Many of Mr. Gleason's early efforts were for productions of the Repertory Theatre of Lincoln Center, when the institution was young and under the direction of Jules Irving. Among his first plays there were Saint Joan and The Alchemist.
He would go on to direct commercial Broadway productions such as The Great White Hope, Cop-Out, We Bombed in New Haven, Over Here! and Two by Two. His peak years were the early '70s, when he lit an average of five Broadway shows a year. His final Broadway credit was 1983's The Guys in the Truck, a bomb that lasted a single performance. Mr. Gleason also worked regionally at the Mark Taper Forum and the Eugene O'Neill Theater Center.
According to the Times, Mr. Gleason was known for his use of color. He developed a theory about "how to use colors to shape things in a three dimensional way on the stage. He changed the way theatre designers think about color," lighting designer Clifton Tailor told the Times.
A native New Yorker, Mr. Gleason discovered lighting as a student at Stuyvesant High School. At Hunter College he lit 75 shows. After he graduated, designer David Hays hired him to assist on a production of The Changeling, directed by Elia Kazan for the Repertory Theatre of Lincoln Center, according to Lighting Dimensions. In 1968, he became resident lighting designer at Repertory Theatre of Lincoln Center. That same year, he began the first of many seasons as the lighting designer at the National Playwrights Conference at the Eugene O’Neill Center in Waterford, CT.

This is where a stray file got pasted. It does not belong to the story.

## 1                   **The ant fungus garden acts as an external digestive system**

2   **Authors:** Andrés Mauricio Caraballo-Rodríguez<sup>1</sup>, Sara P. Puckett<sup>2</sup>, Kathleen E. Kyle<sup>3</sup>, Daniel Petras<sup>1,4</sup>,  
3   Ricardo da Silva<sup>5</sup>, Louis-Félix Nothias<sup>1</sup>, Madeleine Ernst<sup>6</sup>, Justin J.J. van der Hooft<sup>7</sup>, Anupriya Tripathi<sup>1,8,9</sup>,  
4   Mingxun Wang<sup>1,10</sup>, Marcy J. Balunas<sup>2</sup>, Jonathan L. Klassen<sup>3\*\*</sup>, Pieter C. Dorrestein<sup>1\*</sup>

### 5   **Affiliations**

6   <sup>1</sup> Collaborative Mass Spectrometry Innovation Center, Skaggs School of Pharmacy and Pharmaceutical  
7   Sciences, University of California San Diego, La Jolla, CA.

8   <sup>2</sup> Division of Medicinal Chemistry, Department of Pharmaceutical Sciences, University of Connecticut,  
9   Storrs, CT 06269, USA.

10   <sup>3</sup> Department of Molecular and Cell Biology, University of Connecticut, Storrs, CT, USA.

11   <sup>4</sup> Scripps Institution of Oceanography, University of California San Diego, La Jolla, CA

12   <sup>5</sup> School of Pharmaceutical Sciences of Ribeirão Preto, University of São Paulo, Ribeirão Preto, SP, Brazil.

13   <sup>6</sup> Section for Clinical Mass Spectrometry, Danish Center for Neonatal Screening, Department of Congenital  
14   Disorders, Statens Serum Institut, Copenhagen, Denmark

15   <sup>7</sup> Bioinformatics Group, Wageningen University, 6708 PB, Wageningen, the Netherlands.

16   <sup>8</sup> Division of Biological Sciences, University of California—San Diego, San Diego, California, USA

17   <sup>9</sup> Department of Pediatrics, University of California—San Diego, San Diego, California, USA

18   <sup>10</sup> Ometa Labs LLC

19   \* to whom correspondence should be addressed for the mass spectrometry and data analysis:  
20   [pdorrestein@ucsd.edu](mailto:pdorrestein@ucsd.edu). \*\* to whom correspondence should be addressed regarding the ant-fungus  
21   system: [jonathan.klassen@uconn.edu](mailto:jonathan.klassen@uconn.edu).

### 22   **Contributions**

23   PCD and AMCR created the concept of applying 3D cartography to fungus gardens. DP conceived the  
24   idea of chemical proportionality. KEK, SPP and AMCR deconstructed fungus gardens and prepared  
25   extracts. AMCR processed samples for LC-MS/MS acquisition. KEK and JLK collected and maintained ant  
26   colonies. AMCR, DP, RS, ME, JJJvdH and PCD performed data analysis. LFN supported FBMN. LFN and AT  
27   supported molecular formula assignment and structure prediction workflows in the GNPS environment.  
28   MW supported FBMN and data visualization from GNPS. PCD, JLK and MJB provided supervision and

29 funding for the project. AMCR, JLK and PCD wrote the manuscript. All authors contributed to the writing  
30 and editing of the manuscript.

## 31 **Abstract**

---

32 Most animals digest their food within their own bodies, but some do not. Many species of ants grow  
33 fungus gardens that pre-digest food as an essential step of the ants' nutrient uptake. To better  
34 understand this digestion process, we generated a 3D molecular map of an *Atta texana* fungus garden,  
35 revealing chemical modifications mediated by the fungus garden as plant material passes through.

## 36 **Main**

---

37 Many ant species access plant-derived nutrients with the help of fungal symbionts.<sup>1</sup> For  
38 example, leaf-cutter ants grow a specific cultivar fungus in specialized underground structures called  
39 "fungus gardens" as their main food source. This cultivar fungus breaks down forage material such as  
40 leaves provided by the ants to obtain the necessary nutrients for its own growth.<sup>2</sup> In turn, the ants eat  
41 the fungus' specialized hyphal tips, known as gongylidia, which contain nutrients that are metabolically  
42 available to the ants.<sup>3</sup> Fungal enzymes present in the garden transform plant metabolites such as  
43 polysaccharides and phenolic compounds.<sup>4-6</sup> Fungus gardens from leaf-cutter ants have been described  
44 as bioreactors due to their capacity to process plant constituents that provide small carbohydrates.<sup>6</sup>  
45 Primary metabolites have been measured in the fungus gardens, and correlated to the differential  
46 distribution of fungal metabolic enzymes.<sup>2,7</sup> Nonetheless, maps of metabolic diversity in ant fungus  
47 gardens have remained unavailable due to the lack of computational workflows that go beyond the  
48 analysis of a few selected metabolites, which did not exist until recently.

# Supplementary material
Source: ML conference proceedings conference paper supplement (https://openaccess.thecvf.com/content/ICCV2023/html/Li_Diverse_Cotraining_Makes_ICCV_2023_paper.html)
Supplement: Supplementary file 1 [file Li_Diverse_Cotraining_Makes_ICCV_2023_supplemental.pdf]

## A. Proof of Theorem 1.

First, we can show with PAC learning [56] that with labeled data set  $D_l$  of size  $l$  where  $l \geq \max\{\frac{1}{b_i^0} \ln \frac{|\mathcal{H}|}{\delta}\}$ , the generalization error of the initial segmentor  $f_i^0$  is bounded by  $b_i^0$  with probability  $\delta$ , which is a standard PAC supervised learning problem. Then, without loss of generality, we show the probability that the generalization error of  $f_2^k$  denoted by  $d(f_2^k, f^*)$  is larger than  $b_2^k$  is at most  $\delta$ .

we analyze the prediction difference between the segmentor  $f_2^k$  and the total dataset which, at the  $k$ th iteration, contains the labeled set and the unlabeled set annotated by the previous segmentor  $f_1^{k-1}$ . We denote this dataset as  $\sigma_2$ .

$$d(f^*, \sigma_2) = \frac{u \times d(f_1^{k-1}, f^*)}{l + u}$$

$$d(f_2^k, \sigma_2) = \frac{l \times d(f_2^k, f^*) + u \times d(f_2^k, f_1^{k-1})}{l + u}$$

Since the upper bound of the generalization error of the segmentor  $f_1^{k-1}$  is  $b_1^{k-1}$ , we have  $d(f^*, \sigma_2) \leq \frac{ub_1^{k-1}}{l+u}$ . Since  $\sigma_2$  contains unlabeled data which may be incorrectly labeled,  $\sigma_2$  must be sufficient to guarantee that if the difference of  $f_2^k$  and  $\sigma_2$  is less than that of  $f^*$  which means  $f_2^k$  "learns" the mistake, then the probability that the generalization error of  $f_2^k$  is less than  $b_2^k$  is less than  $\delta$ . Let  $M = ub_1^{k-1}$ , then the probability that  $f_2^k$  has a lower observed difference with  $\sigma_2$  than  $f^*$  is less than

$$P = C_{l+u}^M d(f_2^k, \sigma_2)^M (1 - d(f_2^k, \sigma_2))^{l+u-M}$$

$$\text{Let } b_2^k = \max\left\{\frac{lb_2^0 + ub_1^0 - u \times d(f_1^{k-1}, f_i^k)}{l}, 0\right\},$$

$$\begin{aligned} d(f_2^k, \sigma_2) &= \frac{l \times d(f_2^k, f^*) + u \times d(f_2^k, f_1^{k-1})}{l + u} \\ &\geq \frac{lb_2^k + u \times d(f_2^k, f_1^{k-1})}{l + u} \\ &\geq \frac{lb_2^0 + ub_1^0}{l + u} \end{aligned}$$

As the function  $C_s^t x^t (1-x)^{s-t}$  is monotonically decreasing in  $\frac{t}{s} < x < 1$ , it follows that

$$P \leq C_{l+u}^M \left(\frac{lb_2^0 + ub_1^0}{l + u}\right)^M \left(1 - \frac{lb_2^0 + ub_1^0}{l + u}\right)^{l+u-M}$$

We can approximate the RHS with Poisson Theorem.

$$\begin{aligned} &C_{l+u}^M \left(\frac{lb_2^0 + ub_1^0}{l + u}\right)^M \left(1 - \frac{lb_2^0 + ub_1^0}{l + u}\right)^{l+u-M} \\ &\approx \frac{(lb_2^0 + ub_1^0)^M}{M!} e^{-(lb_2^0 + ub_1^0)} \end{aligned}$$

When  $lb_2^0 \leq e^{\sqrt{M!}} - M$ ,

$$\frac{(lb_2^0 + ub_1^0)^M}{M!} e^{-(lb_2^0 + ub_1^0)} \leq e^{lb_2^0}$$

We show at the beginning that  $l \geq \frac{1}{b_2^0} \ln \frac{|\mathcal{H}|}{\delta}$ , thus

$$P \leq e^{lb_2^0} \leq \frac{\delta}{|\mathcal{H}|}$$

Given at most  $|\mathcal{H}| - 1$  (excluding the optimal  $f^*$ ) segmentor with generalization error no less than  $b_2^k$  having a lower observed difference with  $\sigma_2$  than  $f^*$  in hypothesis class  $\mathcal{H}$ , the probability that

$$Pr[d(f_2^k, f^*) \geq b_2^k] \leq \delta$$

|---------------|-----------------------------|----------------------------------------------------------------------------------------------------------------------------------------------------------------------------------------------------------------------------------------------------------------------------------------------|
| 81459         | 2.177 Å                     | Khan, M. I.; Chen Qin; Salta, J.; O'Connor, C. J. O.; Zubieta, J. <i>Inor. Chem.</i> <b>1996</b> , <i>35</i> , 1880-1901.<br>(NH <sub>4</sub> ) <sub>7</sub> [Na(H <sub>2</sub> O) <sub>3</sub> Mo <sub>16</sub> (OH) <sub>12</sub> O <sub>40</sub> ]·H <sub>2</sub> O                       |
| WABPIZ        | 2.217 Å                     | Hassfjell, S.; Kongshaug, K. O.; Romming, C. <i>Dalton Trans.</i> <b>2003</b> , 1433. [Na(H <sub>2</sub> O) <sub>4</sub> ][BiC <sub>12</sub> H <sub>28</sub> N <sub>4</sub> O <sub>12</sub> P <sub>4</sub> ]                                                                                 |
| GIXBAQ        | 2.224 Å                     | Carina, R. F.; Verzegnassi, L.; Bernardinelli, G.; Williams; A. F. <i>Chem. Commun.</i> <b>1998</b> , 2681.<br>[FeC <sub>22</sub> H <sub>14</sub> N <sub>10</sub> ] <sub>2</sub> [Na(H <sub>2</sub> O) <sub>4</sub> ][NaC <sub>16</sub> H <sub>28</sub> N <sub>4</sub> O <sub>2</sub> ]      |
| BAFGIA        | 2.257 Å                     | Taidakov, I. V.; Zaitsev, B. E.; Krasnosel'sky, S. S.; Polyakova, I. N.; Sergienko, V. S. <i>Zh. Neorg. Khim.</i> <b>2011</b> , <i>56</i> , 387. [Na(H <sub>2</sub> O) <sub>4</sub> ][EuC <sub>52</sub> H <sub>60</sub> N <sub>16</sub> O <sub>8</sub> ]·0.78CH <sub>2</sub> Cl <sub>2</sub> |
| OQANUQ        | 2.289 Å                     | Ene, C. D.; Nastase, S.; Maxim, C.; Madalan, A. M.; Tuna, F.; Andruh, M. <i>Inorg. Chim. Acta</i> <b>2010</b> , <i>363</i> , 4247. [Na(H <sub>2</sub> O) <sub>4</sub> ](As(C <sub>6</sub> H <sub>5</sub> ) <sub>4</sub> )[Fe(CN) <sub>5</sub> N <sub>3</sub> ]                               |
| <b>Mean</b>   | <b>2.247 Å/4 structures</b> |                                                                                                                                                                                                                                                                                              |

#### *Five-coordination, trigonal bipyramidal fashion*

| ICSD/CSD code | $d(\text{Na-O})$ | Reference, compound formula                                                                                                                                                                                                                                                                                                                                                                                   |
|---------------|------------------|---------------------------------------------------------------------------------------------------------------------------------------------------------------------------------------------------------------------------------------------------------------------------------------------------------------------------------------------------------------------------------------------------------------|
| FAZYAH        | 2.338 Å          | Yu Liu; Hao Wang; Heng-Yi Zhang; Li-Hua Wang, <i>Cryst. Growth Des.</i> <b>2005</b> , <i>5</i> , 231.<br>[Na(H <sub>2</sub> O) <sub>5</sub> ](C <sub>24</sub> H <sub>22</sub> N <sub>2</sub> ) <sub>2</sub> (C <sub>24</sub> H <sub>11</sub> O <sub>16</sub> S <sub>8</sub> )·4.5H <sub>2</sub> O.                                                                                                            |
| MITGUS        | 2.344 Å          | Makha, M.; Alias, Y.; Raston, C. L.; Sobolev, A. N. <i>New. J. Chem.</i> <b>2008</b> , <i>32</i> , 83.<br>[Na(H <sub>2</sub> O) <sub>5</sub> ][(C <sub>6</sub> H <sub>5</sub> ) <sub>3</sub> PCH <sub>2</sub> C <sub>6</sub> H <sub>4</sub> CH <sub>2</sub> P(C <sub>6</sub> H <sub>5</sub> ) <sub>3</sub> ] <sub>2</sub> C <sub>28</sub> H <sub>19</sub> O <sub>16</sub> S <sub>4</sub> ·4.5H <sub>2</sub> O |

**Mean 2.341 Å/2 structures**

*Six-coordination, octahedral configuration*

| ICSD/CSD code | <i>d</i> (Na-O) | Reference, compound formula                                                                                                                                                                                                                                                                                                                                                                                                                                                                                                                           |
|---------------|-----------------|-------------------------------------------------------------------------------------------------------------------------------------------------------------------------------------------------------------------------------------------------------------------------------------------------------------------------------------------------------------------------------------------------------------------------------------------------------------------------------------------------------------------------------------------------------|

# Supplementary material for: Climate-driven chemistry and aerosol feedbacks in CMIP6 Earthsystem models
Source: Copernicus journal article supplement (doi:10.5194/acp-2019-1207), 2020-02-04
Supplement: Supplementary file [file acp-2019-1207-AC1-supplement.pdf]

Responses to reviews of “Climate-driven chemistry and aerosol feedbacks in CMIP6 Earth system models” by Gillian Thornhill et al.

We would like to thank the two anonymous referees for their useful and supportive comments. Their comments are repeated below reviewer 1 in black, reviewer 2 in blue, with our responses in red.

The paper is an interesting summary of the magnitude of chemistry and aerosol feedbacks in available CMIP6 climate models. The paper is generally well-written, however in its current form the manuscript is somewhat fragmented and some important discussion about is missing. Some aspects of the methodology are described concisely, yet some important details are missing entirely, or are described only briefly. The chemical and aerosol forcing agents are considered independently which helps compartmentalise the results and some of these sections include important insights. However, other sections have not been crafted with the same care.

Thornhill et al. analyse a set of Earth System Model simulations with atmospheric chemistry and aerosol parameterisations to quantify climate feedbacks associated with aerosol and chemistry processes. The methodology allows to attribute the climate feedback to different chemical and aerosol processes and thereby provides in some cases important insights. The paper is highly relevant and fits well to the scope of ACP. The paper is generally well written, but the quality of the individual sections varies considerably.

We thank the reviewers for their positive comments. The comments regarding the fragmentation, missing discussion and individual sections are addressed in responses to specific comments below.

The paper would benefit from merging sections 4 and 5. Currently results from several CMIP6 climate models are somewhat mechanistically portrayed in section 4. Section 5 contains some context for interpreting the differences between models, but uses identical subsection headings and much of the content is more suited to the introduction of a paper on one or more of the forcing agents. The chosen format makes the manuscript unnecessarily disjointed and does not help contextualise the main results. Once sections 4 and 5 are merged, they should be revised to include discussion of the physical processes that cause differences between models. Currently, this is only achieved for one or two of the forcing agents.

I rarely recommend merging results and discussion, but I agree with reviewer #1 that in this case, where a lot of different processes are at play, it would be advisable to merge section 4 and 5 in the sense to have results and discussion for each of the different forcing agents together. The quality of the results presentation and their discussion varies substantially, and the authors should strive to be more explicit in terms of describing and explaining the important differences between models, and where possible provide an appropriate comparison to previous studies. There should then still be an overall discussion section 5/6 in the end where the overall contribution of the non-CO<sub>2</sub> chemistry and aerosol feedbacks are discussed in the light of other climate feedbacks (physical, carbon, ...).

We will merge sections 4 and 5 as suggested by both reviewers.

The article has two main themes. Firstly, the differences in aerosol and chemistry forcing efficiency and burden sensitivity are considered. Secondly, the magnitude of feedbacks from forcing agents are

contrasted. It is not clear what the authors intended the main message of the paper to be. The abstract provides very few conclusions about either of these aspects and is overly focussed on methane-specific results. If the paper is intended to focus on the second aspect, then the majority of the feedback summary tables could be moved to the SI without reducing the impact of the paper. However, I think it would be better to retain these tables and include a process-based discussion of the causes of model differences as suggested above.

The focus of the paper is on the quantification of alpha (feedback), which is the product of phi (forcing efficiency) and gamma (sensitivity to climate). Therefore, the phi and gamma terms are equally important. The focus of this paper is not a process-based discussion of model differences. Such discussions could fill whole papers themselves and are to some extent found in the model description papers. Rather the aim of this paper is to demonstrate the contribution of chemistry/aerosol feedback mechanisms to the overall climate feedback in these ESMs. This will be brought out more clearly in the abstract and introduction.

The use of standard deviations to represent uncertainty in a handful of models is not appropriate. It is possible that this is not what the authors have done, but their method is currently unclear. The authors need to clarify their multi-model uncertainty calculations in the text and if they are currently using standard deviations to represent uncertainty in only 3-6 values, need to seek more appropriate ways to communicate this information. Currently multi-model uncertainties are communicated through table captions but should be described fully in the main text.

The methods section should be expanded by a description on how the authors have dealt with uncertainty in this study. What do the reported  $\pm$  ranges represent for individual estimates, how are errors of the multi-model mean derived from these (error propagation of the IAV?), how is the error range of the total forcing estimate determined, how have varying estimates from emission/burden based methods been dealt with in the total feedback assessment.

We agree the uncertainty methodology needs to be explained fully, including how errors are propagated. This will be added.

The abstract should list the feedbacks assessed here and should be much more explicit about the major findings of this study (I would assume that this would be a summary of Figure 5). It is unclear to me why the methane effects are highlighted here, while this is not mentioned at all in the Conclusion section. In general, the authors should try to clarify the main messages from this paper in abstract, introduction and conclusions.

According to Lighting Dimension, Mr. Gleason began to become disenchanted with commercial theatre in the late '70s. As a result, he spent his last working years lighting operas for companies across the nation, as well as the New York City Opera, across the Lincoln Center plaza from the Vivian Beaumont Theatre, his late haunt. Mr. Gleason is survived by his partner, William M. Kradlak, and a sister, Maryann Di Blasi.